No need for dentists. Just pray away your tooth troubles!
Lloyd Bovee lived for over 50 more years. No mention of tooth problems in his obituary.
Text from the British Dental Association:
The BDA Museum has several sets of 'Waterloo' teeth in its collection - some of these are teeth taken from dead soldiers after the Battle of Waterloo, which were made into dentures.
Replacement teeth were traditionally made from ivory (hippopotamus, walrus or elephant).
However such teeth did not always look natural and deteriorated more quickly than real teeth. If you wanted a really nice set of dentures these were made with an ivory base and then set with real human teeth.
These were expensive as it could take six weeks to make a complete set. They have subsequently become known as 'Waterloo teeth', as some were scavenged from dead soldiers on battlefields.
British dentist John H. Farrell spent much of his career studying the relationship between chewing and digestion. This involved repeated experiments in which he put bits of food in small, cotton-mesh bags, had subjects chew the food (or not), and then swallow it. The next step was more unpleasant:
On recovery from the faeces the bags were washed gently and the contents, if any, were examined and weighed.
The years he spent doing this convinced him that "very little chewing is required for maximum digestion."
More info: "The effect on digestibility of methods commonly used to increase the tenderness of lean meat"
Bedford Times-Mail - Apr 17, 1964
When British dentist Philip Grundy died in 1974, he left the bulk of his estate, slightly over $400,000, to Amelia Whaite, the receptionist at his practice. But with some unusual conditions. He forbid her from wearing lipstick or makeup, or going out with any men, for five years.
$400,000 in 1974, adjusted for inflation, would be over $2,000,000 today. So a nice chunk of money.
However, Grunday also made Whaite the sole executor of his estate "with the responsibility to see the will's conditions are kept." So if she didn't follow the conditions was she supposed to self-report herself?
Atlanta Constitution - Mar 17, 1974
I found a forum where residents of Leyland, Lancashire (where Grundy worked) recalled going to his practice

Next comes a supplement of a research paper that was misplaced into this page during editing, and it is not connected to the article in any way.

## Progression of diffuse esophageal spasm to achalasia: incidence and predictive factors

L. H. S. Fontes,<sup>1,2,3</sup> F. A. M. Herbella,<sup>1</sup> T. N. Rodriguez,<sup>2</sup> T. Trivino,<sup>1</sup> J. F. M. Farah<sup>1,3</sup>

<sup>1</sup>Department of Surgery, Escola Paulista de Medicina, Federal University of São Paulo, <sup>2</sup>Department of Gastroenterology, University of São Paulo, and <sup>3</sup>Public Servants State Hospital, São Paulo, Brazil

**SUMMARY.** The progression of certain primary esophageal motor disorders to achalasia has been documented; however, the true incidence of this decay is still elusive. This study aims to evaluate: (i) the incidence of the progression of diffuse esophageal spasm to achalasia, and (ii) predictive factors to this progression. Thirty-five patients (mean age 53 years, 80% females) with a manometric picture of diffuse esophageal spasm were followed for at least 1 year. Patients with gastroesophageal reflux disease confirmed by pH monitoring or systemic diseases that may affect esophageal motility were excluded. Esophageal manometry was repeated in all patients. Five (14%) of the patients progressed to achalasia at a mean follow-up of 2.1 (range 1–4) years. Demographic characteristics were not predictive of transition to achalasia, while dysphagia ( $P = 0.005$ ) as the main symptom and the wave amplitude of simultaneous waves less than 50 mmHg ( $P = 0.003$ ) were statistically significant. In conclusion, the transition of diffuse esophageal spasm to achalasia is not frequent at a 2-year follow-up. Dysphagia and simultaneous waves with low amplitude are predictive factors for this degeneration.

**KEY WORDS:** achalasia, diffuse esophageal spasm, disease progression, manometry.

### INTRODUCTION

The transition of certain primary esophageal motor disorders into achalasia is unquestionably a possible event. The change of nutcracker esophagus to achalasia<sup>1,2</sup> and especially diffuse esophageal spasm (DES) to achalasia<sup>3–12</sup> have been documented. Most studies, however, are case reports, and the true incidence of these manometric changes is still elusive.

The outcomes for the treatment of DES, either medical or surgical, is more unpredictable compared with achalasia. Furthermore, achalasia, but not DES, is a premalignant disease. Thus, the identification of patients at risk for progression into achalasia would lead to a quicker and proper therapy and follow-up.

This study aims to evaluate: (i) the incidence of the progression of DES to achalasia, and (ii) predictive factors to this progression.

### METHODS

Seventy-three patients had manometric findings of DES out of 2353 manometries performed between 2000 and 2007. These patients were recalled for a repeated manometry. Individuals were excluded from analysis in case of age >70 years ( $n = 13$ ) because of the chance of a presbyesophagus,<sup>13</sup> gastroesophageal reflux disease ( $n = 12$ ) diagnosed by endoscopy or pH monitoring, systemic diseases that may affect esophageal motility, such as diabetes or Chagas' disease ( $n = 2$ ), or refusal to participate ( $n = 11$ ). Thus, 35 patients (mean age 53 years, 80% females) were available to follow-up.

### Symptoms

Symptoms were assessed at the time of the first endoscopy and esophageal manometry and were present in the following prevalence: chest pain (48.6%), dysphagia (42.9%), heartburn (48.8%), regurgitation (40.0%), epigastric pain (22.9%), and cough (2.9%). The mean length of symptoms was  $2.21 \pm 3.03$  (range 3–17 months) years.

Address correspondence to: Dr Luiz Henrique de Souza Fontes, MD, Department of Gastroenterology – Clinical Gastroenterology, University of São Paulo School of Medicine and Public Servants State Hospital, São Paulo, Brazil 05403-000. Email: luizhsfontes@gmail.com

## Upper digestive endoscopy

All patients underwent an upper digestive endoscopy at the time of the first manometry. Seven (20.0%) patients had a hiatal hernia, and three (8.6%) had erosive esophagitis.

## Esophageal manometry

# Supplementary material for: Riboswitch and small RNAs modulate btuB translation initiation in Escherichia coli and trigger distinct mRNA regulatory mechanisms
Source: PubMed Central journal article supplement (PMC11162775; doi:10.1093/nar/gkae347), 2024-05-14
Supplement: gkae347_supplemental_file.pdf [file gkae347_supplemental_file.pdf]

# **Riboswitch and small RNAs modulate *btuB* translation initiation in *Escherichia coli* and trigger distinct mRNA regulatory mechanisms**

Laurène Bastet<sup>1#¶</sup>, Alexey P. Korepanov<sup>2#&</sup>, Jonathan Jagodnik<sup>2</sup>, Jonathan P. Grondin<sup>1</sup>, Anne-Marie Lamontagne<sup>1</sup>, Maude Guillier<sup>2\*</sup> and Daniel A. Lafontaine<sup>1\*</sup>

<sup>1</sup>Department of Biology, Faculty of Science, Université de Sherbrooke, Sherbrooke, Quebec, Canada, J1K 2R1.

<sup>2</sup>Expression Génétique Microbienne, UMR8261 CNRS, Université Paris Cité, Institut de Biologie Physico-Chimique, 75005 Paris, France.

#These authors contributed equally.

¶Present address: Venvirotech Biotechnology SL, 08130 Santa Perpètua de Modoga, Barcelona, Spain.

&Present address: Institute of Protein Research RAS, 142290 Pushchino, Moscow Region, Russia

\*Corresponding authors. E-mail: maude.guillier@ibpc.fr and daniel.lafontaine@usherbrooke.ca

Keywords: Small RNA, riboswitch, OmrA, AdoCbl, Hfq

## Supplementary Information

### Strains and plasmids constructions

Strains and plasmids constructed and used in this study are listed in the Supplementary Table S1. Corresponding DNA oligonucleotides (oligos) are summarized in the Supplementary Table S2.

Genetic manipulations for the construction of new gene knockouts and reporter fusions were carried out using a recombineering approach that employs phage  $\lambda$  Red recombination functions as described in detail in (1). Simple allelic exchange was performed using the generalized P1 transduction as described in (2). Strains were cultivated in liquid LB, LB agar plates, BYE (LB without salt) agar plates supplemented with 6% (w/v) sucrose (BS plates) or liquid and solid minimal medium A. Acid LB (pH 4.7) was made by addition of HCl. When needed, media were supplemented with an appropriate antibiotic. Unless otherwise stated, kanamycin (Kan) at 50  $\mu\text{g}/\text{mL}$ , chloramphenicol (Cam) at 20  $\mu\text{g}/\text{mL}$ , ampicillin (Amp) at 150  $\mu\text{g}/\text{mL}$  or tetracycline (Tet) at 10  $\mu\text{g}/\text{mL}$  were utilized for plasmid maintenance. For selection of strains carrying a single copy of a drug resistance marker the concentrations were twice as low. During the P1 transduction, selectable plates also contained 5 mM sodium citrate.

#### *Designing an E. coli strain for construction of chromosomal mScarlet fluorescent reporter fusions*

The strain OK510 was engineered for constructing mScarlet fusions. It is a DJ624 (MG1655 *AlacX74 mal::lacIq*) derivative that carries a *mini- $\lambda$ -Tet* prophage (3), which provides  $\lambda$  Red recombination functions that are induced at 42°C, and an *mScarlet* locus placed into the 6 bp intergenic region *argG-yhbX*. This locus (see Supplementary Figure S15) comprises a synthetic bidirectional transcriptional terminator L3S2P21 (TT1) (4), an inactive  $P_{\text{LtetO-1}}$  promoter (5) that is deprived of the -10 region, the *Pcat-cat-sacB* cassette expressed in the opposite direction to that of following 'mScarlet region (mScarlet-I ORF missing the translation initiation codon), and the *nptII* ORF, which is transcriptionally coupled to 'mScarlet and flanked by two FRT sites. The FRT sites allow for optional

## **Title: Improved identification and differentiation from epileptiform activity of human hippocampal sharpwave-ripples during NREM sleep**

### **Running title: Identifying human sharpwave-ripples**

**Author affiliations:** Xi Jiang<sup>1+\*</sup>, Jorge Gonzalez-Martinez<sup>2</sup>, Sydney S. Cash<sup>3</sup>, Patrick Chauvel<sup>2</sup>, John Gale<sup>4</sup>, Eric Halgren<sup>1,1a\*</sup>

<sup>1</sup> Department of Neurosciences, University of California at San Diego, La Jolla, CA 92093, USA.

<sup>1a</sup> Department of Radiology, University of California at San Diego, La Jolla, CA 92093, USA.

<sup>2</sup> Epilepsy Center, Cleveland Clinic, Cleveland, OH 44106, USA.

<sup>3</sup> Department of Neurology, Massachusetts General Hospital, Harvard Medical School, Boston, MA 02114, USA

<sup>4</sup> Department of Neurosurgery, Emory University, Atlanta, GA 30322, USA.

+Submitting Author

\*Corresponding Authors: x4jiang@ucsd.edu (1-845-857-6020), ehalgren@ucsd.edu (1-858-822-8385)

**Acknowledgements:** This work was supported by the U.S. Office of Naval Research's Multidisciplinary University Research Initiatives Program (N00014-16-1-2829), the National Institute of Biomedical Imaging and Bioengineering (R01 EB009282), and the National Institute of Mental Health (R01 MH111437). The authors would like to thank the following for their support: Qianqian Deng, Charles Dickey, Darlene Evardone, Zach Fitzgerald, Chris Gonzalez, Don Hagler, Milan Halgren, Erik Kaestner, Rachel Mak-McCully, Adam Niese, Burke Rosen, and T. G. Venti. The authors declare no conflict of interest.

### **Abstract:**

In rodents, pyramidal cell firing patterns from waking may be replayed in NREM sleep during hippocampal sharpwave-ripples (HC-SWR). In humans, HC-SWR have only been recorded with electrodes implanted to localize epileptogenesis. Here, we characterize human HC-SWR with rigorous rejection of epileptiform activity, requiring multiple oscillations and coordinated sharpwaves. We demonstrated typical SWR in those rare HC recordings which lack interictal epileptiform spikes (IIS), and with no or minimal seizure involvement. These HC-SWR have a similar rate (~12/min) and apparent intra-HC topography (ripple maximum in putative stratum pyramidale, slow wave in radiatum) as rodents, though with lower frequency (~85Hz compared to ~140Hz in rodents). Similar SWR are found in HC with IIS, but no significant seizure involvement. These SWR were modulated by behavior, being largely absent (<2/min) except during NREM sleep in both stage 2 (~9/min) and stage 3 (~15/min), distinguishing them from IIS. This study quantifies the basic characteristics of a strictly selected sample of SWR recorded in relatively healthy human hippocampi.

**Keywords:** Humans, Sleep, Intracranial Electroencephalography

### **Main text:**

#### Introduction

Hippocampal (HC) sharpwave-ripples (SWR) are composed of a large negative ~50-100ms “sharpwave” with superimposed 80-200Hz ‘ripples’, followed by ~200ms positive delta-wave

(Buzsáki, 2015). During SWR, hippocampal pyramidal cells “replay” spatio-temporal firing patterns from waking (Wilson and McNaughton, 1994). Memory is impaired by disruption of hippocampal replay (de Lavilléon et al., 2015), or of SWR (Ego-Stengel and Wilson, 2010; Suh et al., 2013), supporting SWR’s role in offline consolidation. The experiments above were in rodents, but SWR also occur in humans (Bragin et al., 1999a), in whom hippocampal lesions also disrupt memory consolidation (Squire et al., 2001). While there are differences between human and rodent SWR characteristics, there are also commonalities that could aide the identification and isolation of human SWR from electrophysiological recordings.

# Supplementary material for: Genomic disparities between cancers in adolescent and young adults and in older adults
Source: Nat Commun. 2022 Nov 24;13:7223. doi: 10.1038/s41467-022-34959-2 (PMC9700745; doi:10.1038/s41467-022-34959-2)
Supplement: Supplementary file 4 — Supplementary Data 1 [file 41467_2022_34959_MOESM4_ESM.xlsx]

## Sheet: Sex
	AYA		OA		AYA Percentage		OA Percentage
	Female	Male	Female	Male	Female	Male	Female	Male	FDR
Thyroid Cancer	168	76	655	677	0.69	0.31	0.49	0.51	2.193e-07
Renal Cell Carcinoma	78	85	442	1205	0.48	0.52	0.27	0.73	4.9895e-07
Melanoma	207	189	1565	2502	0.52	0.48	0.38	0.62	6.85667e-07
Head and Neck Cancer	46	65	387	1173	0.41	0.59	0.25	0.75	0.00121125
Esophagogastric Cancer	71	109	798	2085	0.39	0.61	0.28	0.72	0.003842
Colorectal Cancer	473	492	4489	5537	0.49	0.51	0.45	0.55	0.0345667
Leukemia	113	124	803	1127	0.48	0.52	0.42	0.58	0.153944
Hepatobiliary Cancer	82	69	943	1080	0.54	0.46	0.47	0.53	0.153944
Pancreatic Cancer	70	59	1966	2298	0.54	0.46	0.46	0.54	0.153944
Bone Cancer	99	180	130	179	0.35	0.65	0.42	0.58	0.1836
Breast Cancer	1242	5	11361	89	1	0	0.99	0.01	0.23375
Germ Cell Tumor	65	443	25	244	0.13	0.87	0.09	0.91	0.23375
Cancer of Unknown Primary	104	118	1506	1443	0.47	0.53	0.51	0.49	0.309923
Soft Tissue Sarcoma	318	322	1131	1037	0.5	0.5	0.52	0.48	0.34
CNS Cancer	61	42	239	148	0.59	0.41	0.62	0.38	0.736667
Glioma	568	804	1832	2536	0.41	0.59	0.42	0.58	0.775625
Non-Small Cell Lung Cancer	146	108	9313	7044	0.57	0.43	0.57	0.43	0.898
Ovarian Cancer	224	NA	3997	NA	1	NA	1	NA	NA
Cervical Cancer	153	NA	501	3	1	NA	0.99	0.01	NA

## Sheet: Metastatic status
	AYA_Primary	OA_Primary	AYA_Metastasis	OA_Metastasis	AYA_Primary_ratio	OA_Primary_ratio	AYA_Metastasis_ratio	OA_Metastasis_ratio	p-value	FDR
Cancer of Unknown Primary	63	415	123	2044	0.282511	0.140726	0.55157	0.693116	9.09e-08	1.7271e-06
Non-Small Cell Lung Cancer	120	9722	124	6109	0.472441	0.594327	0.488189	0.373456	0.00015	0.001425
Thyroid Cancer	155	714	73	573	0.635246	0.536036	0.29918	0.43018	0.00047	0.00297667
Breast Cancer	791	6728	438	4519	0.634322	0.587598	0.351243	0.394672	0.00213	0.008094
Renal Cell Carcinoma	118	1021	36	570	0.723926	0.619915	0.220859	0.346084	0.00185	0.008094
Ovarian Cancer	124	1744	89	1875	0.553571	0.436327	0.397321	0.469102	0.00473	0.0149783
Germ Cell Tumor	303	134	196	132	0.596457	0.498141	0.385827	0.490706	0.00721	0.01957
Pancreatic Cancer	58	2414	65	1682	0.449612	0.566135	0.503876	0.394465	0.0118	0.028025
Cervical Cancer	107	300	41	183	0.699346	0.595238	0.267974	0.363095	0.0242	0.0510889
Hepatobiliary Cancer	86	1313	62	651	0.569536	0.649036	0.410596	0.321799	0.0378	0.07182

. Seems that, in addition to the money, he left behind a lot of traumatized patients. Some typical comments:
There were two doors in the dentists room one in and one out, so no one ever saw the end result of his work I swear I've given birth twice and it didn't hurt as much as that butchers work on my mouth.
My worst horror story was when I had to have 2 teeth pulled and complained about the gas, Grundy did'nt bat an eyelid and promptly yanked them out without anything. I did'nt get a vote, and never complained again, I was 14 at the time.
GRUNDY'S! there was a trail of blood from the door, past the bus stop and round the corner; You couldn't get out of the waiting room once you were in as the door only opened inwards- some brave souls escaped when someone was entering, nearly knocking them over. Waiting room full of smoke and old copies of The Beano in yellowed celluloid covers; view of a sad square of lawn; anyone escaping by the usual way out had to go past, and be accosted by a Forbidding Receptionist.Some sort of liaison here, as Grundy left her all his money, on condition that she never wear lipstick!
Some more info about Grundy and Whaite from a 1974 Associated Press article:
In July 1962, a special dental court found Grundy and Miss Whaite guilty of conspiring to defraud the state-run National Health Service by charging unjustified fees. Both were fined.
Four years later, Grundy was accused of addiction to inhaling anesthetic gas and was forbidden to practice for five years.
He resumed his practice in 1971 and built it into a flourishing enterprise with a staff of 14. . .